I recently gave a short presentation on the topic of threads in GHCJS to the GHC team at IOG. This blog post is a summary of the content.
Concurrent Haskell supports lightweight threads through
forkIO. These threads are scheduled on top of one more more operating system thread. A blocking foreign call blocks an OS thread but other lightweight threads can still run on other OS threads if available.
foreign import ccall interruptible can be interrupted by sending an asynchronous exception to the corresponding lightweight thread.
STM as expected from other Haskell platforms.
Foreign calls that don't block can be handled in the usual way. We extend the foreign function interface with a new type
$c representing a callback to be called with the result when ready. From the Haskell side the corresponding lightweight thread is blocked until
$c is called. This type of foreign call can be interrupted with an asynchronous exception to the lightweight Haskell thread.
By default, Haskell threads in the JS environment run asynchronously. A call to
h$run returns immediately and starts the thread in the background. This works for tasks that does not require immediate actions. For situations that require more immediate action, such as dealing with event handler propagation, there is
h$runSync. This starts a synchronous thread that is not interleaved with other task. If possible, the thread runs to completion before the call to
h$runSync returns. If the thread blocks for any reason, such as waiting for an
MVar or a
When a Haskell value is evaluated, its heap object is overwritten by a black hole. This black hole marks the value as being evaluated and prevents other threads from doing the same. "black holing" can be done either immediately or "lazily", when the garbage collector is run. GHCJS implements immediate blackholing.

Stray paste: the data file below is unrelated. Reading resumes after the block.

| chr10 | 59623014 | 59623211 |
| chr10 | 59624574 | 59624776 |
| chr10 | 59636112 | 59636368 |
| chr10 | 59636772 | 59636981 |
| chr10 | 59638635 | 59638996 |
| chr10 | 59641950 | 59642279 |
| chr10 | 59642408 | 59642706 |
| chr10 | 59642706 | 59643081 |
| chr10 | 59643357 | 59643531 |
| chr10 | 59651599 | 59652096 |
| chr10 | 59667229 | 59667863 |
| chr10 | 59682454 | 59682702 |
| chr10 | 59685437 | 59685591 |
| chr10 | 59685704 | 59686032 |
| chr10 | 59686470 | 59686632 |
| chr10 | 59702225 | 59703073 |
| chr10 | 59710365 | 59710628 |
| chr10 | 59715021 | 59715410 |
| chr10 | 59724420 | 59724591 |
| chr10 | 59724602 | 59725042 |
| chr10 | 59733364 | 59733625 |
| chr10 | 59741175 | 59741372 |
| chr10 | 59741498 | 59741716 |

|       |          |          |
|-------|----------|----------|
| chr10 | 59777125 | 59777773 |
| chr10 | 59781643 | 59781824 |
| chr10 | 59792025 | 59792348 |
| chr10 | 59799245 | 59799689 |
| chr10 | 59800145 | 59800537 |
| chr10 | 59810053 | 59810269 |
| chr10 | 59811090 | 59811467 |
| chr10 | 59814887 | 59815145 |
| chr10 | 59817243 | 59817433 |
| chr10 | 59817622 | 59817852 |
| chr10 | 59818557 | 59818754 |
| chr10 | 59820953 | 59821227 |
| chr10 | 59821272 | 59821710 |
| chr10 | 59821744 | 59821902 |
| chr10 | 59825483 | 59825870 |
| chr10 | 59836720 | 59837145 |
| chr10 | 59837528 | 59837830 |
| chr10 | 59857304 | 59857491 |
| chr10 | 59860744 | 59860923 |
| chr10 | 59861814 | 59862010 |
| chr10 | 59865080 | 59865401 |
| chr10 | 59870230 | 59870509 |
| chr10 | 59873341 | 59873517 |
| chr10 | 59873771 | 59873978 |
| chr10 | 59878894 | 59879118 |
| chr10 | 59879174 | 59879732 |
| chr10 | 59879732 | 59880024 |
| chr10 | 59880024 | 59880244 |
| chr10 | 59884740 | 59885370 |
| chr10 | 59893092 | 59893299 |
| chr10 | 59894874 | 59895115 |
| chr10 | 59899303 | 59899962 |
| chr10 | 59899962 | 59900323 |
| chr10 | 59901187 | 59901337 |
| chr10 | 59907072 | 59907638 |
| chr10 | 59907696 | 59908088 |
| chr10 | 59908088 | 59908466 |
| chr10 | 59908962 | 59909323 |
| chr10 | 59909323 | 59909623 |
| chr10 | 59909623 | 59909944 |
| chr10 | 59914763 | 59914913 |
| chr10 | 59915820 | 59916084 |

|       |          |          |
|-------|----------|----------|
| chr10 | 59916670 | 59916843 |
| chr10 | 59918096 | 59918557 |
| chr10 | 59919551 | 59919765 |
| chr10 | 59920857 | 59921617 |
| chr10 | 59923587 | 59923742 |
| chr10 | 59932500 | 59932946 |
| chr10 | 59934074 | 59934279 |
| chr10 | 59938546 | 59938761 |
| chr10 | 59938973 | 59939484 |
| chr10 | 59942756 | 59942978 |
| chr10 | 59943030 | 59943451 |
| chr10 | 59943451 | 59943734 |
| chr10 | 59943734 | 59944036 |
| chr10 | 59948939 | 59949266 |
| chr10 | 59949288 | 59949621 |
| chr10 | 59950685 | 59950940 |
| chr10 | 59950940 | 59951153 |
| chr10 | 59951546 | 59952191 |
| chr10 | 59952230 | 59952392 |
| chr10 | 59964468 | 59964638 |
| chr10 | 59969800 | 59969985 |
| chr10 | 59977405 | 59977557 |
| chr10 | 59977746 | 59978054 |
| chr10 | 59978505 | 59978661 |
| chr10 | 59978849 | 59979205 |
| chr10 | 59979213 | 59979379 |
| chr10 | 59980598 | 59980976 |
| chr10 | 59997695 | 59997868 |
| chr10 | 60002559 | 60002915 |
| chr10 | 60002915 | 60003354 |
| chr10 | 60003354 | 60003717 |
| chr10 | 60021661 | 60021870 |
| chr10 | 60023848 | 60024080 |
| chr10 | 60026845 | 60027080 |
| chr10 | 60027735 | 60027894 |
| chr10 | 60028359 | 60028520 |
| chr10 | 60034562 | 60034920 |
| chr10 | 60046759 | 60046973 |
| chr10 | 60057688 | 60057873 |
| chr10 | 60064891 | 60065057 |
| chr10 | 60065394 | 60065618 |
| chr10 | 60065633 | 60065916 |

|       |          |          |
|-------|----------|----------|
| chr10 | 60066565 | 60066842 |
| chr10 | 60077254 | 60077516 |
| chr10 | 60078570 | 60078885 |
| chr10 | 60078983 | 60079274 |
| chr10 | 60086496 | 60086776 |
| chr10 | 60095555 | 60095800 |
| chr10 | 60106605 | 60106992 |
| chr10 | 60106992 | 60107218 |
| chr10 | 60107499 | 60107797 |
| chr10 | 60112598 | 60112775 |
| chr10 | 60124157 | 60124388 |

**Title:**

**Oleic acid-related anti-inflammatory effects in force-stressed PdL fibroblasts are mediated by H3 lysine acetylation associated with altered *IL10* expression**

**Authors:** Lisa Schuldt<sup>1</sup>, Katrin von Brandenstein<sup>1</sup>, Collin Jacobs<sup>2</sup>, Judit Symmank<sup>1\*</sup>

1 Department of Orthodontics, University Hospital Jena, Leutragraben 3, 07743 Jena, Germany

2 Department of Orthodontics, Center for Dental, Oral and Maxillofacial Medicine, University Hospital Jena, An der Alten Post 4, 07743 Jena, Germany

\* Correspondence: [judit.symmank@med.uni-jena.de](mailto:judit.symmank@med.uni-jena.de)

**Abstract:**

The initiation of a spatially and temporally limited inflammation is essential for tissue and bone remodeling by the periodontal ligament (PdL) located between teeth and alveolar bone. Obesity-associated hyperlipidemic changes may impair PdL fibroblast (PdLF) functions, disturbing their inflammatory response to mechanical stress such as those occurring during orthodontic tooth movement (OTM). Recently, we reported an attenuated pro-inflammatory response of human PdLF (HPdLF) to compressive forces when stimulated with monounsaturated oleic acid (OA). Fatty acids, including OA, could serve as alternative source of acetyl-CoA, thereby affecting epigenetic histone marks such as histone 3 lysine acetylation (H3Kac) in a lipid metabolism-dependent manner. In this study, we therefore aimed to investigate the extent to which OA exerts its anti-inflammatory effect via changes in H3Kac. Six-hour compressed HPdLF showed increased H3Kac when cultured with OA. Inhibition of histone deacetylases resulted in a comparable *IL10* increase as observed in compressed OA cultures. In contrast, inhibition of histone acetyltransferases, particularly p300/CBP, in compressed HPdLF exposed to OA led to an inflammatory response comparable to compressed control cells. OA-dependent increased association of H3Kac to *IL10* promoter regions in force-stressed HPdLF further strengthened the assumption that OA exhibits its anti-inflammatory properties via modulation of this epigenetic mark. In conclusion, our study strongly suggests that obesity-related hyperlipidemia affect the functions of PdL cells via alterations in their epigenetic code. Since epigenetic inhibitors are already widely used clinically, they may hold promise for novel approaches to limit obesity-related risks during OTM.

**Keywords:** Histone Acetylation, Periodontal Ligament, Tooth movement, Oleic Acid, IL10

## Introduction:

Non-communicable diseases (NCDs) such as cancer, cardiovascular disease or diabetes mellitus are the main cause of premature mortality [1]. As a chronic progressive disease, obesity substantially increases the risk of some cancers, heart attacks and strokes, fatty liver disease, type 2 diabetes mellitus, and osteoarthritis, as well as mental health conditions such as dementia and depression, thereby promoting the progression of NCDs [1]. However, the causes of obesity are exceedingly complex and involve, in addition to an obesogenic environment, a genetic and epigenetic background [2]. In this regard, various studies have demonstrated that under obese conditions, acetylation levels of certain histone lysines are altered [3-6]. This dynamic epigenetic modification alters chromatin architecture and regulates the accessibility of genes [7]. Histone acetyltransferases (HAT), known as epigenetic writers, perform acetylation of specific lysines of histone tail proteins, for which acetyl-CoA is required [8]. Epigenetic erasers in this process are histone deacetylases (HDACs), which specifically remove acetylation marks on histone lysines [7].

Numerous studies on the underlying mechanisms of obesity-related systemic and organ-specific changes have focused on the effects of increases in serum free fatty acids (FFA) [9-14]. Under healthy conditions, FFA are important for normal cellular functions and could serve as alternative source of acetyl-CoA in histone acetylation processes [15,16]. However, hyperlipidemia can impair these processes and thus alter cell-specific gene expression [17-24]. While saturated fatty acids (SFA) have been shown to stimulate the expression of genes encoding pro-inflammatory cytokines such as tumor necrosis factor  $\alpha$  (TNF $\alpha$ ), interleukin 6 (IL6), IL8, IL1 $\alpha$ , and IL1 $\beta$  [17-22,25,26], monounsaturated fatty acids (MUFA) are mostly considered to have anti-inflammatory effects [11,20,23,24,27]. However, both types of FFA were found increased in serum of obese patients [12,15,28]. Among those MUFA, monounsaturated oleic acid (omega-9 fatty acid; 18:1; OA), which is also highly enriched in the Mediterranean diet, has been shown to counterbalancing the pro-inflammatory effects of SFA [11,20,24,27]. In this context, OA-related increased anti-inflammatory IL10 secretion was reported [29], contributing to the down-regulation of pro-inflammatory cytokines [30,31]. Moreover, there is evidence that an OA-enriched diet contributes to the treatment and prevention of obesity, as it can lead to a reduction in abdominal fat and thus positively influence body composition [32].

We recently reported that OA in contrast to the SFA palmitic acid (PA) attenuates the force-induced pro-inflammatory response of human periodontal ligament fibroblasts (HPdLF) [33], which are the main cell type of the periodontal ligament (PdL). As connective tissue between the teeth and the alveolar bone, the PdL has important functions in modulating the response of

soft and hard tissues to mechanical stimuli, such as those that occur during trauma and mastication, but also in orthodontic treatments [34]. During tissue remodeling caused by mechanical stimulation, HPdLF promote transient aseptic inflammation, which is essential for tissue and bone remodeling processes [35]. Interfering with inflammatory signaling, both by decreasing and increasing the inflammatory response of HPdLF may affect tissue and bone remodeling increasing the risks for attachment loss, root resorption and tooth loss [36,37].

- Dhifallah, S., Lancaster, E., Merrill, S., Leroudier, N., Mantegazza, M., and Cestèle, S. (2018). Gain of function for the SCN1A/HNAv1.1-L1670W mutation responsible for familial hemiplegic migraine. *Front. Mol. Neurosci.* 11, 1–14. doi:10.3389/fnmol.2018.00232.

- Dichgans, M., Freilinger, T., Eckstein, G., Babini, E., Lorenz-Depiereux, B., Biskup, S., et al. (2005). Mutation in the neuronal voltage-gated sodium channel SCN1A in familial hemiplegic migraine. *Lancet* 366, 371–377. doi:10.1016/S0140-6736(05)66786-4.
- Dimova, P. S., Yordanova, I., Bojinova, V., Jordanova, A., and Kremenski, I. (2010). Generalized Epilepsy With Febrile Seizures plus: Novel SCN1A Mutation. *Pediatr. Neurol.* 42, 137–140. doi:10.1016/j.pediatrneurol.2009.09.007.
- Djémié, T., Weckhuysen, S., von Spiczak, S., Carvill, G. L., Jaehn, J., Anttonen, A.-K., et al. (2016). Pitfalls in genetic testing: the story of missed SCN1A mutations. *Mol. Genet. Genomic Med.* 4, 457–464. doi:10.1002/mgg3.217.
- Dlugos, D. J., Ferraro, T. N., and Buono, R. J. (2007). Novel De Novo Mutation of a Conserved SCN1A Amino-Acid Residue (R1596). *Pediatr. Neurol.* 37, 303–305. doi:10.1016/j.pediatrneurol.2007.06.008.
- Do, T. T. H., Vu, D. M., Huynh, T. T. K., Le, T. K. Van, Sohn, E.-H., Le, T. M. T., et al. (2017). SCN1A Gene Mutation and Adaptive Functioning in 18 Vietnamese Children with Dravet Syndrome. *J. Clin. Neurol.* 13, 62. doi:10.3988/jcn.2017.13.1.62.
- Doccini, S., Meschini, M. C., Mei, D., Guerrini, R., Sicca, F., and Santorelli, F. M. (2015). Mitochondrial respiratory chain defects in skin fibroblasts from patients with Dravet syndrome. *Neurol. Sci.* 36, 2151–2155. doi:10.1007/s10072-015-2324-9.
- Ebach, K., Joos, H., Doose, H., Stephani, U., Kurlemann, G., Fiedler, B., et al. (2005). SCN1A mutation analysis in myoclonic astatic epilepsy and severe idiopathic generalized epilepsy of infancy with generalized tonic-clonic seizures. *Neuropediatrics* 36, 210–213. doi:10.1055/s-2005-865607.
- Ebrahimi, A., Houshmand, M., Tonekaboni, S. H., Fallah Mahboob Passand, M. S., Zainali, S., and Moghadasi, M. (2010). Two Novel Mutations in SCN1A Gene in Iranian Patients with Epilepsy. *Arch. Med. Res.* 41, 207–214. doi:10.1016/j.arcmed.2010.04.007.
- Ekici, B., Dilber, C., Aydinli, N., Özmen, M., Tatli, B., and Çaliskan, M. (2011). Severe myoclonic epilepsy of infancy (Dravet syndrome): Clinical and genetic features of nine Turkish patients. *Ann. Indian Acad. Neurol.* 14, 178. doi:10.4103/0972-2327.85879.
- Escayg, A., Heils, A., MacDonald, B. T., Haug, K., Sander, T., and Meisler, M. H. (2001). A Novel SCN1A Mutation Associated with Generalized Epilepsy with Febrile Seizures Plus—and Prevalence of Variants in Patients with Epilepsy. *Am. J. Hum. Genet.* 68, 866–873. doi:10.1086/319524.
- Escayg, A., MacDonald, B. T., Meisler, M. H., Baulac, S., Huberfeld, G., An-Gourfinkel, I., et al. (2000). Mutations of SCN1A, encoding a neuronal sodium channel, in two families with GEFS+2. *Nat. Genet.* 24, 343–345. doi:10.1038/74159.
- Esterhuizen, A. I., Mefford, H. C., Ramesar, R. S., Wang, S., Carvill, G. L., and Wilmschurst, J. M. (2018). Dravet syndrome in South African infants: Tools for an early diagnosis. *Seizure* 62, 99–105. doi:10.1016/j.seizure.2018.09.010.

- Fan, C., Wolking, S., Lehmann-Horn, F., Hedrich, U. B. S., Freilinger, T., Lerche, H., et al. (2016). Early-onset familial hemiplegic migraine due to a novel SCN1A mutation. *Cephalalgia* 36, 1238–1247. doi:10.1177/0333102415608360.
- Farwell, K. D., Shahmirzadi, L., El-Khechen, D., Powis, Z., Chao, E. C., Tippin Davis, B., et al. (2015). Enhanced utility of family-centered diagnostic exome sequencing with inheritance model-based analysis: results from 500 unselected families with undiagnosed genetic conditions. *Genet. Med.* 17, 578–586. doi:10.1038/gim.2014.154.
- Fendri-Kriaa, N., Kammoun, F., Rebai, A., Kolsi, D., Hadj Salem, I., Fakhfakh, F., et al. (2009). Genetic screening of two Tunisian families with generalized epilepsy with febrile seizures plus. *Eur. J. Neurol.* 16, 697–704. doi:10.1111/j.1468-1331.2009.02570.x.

Black holes give rise to an interesting problem in the presence of synchronous and asynchronous threads. Typically if we use
h$runSync, we want to have some guarantee that at least part of the task will run succesfully without blocking. For the most past it's fairly clear which parts of our task depends on potentially blocking IO or thread synchronization. But black holes throw a spanner in the works: Suddenly any "pure" data structure can be a source of blocking if it is under evaluation by another thread.
To regain some predictability and usability of synchronous threads, the
h$runSync scheduler can run other Haskell threads in order to "clear" a black hole. The process ends all black holes have been cleared or when any of the black holes is impossible to clear because of a blocking situation.
This all happens transparantly to the caller of
h$runSync, if the black holes could be cleared it appears as if they were never there.
By default, Haskell threads are asynchronous and run in the background: The scheduler interleaves the tasks and synchronization between threads. For situations that require immediate results or actions there are synchronous threads. Synchronous threads cannot block and are not interleaved with other tasks except when a black hole is encountered.